International relations scholars have traditionally defaulted to material explanations of international outcomes: why some states rise, why some fall, and why some are better at fighting wars than others. While this is an important starting point, it is less clear why similarly equipped or even trained militaries may fight with determination on the battlefield, while others crumble after as soon as battles start to go poorly. In the author’s words, scholars have typically focused on “why armed forces differ in skill, not will (p7).” Some of the greatest variance on this can take place within the same state: France fought well in the First World War, but quickly folded in the Second. Castillo offers a theory that accounts for this, while attempting to correct some of the undue emphasis on strictly “material factors (such as resources and wealth)” in assessing the power of states, which has implications for national security.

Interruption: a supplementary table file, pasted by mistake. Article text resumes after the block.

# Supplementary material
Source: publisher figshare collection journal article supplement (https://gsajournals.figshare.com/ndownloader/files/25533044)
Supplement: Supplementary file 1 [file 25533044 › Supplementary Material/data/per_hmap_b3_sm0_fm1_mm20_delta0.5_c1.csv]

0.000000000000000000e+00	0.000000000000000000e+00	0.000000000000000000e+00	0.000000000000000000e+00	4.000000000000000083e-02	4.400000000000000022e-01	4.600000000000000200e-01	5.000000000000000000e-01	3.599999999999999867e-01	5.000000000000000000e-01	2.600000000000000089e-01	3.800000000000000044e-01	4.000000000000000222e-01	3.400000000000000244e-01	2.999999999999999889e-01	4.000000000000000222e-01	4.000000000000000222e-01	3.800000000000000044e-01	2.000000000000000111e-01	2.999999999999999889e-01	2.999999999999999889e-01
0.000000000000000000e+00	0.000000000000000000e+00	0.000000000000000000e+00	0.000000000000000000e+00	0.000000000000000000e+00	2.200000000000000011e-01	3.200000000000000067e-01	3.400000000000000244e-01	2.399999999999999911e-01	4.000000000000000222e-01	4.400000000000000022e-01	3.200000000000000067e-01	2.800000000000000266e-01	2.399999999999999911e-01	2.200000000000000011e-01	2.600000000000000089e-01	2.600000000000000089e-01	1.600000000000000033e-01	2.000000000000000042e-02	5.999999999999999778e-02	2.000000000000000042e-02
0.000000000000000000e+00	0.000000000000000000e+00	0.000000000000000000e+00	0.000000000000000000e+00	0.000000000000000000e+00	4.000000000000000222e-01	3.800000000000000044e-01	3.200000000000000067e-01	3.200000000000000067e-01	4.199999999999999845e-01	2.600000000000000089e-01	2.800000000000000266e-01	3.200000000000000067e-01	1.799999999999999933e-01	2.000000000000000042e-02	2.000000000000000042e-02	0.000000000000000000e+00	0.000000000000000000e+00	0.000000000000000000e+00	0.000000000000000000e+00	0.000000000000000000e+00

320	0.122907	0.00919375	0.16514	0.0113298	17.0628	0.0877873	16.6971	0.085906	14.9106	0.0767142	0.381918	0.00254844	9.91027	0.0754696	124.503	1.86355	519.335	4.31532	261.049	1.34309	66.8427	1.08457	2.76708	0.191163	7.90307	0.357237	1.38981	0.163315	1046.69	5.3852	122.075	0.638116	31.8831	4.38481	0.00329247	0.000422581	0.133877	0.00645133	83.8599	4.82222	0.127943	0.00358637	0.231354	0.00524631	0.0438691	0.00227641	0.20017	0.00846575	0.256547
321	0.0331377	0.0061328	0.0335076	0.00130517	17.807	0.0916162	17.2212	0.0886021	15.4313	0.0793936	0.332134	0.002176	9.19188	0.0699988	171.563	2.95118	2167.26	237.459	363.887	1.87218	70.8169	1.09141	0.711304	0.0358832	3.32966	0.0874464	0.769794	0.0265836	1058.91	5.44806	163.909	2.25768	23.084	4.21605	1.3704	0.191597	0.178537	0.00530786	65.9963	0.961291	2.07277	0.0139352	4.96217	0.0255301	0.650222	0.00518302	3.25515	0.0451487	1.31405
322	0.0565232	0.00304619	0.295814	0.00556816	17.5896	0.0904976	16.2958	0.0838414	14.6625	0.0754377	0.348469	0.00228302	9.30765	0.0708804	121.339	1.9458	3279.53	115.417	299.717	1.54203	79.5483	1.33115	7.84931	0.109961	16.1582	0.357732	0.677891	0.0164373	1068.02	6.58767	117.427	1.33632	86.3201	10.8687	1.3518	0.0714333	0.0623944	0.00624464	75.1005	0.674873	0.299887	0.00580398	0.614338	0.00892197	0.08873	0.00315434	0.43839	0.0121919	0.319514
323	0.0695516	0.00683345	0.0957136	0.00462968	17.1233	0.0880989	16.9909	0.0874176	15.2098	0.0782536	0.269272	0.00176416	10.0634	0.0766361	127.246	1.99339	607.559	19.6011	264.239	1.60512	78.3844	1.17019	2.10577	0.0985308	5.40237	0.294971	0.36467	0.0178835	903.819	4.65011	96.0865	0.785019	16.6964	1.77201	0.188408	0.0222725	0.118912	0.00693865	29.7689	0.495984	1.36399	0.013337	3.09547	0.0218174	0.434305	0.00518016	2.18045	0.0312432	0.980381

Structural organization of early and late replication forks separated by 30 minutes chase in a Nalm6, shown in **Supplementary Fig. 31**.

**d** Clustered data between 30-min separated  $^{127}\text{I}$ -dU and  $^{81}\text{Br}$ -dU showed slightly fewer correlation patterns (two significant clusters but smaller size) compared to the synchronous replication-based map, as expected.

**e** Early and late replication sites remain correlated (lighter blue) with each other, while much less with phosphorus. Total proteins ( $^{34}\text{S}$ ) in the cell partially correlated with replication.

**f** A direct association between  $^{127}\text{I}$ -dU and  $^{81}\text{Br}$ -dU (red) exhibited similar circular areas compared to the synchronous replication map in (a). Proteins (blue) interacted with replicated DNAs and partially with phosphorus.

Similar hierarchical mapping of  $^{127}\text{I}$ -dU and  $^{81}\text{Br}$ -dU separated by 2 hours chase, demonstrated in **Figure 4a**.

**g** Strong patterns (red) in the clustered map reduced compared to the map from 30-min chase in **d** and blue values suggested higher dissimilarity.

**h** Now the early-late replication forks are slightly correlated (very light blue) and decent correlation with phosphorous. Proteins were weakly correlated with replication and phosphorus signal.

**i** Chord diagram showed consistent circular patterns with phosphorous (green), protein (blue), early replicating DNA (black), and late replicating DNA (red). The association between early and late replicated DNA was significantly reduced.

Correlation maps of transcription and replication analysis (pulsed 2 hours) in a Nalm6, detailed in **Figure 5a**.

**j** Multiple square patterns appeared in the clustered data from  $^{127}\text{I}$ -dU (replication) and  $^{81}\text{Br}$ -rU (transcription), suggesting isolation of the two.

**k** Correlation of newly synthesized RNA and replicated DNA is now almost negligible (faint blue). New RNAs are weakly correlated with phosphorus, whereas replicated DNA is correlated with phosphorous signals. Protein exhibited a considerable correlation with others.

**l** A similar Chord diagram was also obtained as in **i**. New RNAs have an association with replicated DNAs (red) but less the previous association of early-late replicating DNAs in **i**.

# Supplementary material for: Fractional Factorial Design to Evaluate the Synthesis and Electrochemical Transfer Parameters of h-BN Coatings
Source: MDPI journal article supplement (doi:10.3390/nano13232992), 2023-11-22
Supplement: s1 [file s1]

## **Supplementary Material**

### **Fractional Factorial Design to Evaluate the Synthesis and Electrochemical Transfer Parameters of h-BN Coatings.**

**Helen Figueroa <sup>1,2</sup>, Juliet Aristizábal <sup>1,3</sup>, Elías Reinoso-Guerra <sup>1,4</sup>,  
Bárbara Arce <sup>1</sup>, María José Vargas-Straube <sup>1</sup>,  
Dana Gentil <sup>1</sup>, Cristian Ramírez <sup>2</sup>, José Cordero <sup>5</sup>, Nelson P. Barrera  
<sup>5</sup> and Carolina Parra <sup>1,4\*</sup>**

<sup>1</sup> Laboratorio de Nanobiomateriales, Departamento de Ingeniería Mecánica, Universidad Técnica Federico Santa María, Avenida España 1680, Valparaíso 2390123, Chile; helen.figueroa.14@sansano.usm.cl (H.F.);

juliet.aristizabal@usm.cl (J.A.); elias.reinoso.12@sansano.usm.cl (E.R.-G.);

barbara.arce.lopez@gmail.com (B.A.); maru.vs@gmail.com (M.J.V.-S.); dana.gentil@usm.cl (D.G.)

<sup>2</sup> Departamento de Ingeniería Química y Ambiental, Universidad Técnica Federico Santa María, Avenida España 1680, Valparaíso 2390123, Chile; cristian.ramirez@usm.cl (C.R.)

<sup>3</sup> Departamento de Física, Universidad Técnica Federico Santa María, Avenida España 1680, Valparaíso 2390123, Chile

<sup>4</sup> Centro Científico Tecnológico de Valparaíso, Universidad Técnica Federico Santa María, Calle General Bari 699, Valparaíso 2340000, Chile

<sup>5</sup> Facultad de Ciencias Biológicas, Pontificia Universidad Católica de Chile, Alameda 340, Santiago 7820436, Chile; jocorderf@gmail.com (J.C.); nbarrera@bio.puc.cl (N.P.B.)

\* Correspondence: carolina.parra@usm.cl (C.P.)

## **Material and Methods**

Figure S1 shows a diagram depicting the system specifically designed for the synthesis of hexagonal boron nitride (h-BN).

About the author: Jasen Castillo is an assistant professor in the Bush School of Government and Public Service at Texas A&M University.